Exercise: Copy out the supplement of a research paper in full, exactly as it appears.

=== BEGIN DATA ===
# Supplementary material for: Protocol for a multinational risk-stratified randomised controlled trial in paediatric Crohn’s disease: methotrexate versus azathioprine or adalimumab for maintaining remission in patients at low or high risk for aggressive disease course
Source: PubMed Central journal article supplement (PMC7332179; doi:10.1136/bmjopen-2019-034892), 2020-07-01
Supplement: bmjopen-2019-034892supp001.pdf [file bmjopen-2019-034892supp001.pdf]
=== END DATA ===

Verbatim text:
# Supplementary material for: Protocol for a multinational risk-stratified randomised controlled trial in paediatric Crohn’s disease: methotrexate versus azathioprine or adalimumab for maintaining remission in patients at low or high risk for aggressive disease course
Source: PubMed Central journal article supplement (PMC7332179; doi:10.1136/bmjopen-2019-034892), 2020-07-01
Supplement: bmjopen-2019-034892supp001.pdf [file bmjopen-2019-034892supp001.pdf]